The players were thrilled as celebrities, including their favorite musicians and athletes, took notice on social media and video clips of the winning touchdown made the rounds on every major sports and news outlet imaginable — ESPN, Fox Sports, CNN, and all of the major networks chronicled the stunning accomplishment.
“On the bus home and we were just hoping to get the play on ‘House of Highlights,’” Loomis said, referring to the popular Instagram account. “We thought that would be cool. But then it went everywhere. We didn’t expect that at all.”
On Thursday, Connecticut Governor Ned Lamont came to Newtown High School to personally congratulate the team.
But where they felt most appreciated was back at home at Newtown, among the fans who supported them and other townsfolk who were just realizing the significance of their state title.
Pinto works as a busboy at Cover Two Sandy Hook Restaurant, the local hangout owned by the Tarantino family, including assistant coaches and siblings Tyler, Drew and Nick, in the center of the village, just around the corner from the since-demolished Sandy Hook Elementary school.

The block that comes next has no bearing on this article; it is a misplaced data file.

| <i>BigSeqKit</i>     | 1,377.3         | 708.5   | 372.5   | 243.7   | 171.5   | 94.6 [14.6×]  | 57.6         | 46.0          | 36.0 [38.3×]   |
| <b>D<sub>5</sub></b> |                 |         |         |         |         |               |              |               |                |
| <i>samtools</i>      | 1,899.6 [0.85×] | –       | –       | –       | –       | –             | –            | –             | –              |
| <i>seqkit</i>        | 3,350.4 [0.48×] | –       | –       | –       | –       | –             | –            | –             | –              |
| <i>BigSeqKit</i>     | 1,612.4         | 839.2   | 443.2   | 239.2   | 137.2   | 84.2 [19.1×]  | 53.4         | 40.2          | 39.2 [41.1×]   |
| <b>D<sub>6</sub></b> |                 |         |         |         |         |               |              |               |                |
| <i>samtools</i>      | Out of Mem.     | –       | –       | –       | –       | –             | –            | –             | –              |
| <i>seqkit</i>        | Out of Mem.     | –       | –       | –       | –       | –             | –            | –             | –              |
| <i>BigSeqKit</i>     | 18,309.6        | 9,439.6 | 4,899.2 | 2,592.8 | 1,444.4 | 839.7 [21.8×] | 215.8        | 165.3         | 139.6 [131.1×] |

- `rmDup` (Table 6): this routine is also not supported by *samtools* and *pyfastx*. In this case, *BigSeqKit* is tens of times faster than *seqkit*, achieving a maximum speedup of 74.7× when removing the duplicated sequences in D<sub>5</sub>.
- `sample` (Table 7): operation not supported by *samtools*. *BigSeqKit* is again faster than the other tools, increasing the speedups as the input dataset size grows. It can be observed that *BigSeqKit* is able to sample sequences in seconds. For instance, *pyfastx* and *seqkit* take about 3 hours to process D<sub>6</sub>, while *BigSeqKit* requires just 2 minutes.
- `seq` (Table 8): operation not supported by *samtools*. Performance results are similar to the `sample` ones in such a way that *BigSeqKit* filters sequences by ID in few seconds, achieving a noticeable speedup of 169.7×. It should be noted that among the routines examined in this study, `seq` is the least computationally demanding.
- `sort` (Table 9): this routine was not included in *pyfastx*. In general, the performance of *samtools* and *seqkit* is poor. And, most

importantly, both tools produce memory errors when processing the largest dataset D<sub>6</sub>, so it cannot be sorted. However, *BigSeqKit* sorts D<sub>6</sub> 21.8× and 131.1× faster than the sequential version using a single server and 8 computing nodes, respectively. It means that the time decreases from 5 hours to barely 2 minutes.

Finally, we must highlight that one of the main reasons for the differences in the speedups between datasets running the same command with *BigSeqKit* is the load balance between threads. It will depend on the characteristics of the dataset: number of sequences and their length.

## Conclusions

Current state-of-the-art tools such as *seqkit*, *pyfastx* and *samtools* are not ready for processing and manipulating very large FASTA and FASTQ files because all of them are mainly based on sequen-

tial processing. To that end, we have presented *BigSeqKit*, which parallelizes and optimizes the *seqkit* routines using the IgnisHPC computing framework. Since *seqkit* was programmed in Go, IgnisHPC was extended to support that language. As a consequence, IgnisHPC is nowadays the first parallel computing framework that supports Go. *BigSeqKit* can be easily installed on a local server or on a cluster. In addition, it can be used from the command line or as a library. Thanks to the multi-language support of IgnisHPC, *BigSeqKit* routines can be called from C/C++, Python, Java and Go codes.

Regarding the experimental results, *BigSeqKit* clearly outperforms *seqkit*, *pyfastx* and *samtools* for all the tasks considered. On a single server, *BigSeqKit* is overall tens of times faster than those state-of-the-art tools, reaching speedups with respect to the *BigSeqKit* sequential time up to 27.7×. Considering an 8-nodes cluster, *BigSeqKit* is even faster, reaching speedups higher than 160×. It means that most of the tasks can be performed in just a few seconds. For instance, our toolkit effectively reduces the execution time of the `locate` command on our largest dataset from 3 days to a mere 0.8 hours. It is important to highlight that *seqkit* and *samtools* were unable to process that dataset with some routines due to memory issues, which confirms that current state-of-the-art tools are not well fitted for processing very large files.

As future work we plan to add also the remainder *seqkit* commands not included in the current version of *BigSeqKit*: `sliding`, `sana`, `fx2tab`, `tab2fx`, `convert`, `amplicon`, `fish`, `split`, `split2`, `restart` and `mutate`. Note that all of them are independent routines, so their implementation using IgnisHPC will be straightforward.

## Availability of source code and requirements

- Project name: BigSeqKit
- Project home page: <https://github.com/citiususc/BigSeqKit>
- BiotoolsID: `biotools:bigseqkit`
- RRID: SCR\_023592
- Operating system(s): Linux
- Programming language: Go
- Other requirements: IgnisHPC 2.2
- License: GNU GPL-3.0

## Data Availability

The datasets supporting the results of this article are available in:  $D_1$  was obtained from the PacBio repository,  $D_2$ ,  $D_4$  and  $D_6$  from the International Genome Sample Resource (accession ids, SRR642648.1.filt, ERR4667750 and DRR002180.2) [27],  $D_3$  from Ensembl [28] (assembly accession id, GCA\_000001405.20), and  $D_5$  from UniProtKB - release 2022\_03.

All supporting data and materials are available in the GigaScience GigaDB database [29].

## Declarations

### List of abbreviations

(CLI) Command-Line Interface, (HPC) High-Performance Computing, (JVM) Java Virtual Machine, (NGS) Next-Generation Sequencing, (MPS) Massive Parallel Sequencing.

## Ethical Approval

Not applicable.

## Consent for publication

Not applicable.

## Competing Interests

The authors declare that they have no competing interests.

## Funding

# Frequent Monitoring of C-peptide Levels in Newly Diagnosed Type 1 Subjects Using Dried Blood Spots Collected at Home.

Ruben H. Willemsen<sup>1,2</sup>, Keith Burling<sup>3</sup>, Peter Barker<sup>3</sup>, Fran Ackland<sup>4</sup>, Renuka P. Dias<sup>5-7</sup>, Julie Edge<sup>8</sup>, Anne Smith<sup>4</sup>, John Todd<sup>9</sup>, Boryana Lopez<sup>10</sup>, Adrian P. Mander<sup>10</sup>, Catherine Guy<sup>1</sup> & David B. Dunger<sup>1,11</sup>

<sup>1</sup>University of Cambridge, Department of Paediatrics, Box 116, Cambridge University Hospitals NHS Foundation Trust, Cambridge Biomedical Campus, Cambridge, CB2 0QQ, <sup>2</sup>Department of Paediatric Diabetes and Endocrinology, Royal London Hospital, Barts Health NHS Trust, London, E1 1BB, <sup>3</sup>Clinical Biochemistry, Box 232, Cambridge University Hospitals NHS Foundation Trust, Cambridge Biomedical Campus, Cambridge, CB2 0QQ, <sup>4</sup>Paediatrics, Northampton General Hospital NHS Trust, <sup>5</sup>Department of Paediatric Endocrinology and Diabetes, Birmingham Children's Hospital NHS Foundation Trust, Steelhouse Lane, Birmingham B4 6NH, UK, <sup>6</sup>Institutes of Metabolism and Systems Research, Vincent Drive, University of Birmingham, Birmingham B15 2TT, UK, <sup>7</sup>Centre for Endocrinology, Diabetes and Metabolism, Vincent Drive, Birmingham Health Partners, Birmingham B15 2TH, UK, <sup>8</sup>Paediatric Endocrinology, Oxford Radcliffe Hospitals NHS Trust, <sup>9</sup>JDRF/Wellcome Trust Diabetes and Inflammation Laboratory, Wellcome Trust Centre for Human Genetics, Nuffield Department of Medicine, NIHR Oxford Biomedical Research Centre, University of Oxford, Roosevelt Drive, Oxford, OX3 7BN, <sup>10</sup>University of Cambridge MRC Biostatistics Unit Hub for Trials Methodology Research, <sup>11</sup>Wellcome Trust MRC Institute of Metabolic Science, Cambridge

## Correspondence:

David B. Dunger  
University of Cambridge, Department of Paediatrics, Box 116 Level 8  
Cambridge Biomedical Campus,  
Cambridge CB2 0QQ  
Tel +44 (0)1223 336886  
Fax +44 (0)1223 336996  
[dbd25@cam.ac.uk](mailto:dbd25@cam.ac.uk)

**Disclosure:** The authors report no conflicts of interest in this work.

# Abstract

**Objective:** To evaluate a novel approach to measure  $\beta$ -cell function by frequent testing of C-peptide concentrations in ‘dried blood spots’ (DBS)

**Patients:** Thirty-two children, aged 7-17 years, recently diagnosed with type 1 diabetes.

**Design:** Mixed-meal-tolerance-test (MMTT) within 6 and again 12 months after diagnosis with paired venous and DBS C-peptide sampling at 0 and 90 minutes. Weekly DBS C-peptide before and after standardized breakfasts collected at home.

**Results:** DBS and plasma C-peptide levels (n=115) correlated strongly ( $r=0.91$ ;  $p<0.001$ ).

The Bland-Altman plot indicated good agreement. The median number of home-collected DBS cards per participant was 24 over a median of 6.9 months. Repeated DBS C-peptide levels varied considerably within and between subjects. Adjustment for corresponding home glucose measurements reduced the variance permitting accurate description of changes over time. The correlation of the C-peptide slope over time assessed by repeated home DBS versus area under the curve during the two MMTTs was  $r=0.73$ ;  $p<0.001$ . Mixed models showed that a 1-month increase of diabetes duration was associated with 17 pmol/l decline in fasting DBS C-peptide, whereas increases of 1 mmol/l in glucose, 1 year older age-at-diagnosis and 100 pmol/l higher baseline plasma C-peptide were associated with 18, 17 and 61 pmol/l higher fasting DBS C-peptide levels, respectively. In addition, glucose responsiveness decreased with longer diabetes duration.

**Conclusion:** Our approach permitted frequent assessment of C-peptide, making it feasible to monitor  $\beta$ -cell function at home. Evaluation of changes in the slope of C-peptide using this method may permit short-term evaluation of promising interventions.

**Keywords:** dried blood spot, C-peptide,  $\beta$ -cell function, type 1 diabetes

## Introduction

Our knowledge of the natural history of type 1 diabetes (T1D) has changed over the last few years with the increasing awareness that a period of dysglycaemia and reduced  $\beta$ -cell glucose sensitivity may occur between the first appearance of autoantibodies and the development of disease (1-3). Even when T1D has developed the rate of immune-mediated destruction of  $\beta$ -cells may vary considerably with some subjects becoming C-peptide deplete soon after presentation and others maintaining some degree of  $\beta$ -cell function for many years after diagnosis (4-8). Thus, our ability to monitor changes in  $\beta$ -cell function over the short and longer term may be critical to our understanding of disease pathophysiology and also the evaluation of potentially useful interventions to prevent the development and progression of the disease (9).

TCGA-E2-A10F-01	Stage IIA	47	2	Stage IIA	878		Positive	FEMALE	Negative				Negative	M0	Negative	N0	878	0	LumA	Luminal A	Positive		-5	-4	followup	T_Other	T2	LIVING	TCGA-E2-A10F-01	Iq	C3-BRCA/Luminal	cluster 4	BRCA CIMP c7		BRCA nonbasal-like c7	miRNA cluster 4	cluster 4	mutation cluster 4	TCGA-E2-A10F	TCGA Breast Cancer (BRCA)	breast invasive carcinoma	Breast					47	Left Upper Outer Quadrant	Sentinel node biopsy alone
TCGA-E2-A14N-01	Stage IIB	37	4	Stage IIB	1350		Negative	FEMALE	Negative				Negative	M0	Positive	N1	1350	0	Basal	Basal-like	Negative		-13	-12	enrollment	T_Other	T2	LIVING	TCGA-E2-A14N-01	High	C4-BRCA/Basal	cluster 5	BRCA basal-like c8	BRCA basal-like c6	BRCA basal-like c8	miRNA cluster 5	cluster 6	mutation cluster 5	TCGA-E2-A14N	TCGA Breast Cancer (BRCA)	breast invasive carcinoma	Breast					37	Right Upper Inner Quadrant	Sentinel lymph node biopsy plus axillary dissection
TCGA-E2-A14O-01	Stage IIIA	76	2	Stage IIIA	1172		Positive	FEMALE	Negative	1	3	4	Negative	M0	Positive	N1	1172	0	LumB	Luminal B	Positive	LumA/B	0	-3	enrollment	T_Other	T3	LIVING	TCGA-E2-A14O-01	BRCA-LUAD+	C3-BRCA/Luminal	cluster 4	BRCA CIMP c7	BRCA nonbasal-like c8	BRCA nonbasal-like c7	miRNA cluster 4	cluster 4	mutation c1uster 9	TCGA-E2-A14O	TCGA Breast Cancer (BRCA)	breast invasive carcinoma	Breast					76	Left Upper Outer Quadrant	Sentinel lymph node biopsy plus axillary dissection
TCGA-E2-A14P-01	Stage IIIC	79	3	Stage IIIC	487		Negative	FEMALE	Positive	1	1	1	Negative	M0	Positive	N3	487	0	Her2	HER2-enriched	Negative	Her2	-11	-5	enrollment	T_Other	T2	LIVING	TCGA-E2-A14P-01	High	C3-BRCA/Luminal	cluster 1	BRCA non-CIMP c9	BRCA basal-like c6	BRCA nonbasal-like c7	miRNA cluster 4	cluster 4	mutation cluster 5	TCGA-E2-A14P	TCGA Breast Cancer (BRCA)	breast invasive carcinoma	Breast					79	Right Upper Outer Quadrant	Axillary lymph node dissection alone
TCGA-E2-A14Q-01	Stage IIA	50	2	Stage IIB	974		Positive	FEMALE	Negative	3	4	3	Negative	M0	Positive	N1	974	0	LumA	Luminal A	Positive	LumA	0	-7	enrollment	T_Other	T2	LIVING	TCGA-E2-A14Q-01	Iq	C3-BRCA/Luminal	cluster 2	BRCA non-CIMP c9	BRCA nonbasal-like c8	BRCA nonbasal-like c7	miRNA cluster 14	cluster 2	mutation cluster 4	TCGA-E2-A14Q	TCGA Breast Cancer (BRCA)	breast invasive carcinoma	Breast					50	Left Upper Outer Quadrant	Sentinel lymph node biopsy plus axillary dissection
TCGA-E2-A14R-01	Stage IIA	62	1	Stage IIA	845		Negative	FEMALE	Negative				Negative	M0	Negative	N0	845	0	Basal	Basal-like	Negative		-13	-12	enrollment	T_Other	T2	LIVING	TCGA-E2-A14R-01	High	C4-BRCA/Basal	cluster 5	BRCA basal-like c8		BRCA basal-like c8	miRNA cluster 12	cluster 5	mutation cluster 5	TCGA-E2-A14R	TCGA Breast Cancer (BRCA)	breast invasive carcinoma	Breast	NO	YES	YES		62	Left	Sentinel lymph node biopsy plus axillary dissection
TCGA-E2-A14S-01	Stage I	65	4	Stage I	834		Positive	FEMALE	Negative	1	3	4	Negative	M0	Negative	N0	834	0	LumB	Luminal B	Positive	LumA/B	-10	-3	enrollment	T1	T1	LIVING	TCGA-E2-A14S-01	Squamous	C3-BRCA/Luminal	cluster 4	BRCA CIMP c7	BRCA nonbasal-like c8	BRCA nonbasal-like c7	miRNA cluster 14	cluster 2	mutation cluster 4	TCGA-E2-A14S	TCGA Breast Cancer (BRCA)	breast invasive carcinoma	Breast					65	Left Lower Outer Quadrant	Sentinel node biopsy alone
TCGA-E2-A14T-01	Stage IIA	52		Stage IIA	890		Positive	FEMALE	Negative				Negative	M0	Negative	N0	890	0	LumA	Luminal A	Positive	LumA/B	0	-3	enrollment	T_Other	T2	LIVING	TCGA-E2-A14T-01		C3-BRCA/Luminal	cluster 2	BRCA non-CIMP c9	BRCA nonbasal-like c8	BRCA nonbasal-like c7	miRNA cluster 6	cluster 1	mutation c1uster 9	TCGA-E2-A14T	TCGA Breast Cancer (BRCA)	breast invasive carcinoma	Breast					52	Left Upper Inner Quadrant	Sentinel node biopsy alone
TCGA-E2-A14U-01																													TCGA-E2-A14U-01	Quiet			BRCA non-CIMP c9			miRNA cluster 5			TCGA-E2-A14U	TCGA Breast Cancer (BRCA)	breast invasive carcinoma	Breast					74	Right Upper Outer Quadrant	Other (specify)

There, he and his teammates have been treated as celebrities.
7 years to the day after tragedy struck their hometown, Newtown High School (@nhsathletics) won a football state championship on a last second TD pass. Head Coach Bobby Pattison and QB Jack Street joined us in studio today: pic.twitter.com/ilvzbkfk6i
— Dan Patrick Show (@dpshow) December 16, 2019
“People will stop me while I’m carrying a plate of dishes,” Pinto said. “They’ll go: ‘Woah, were you on the team? Were you playing?’ Yea, that was me out there. It’s crazy to think that, the stuff you’re seeing on the news that everybody’s talking about, that’s something we were all a part of and will remember for the rest of our lives.”
Loomis, who played alongside his twin brother Zach and whose uncle, John Pavia, played on the 1992 state championship team, said he’s been stopped numerous times at the gym. “Random people I’ve never even met before are all like, ‘Congratulations. What a great play,” he said. “We needed something big, especially on a day like that. The whole situation was perfect. It couldn’t have been any better.”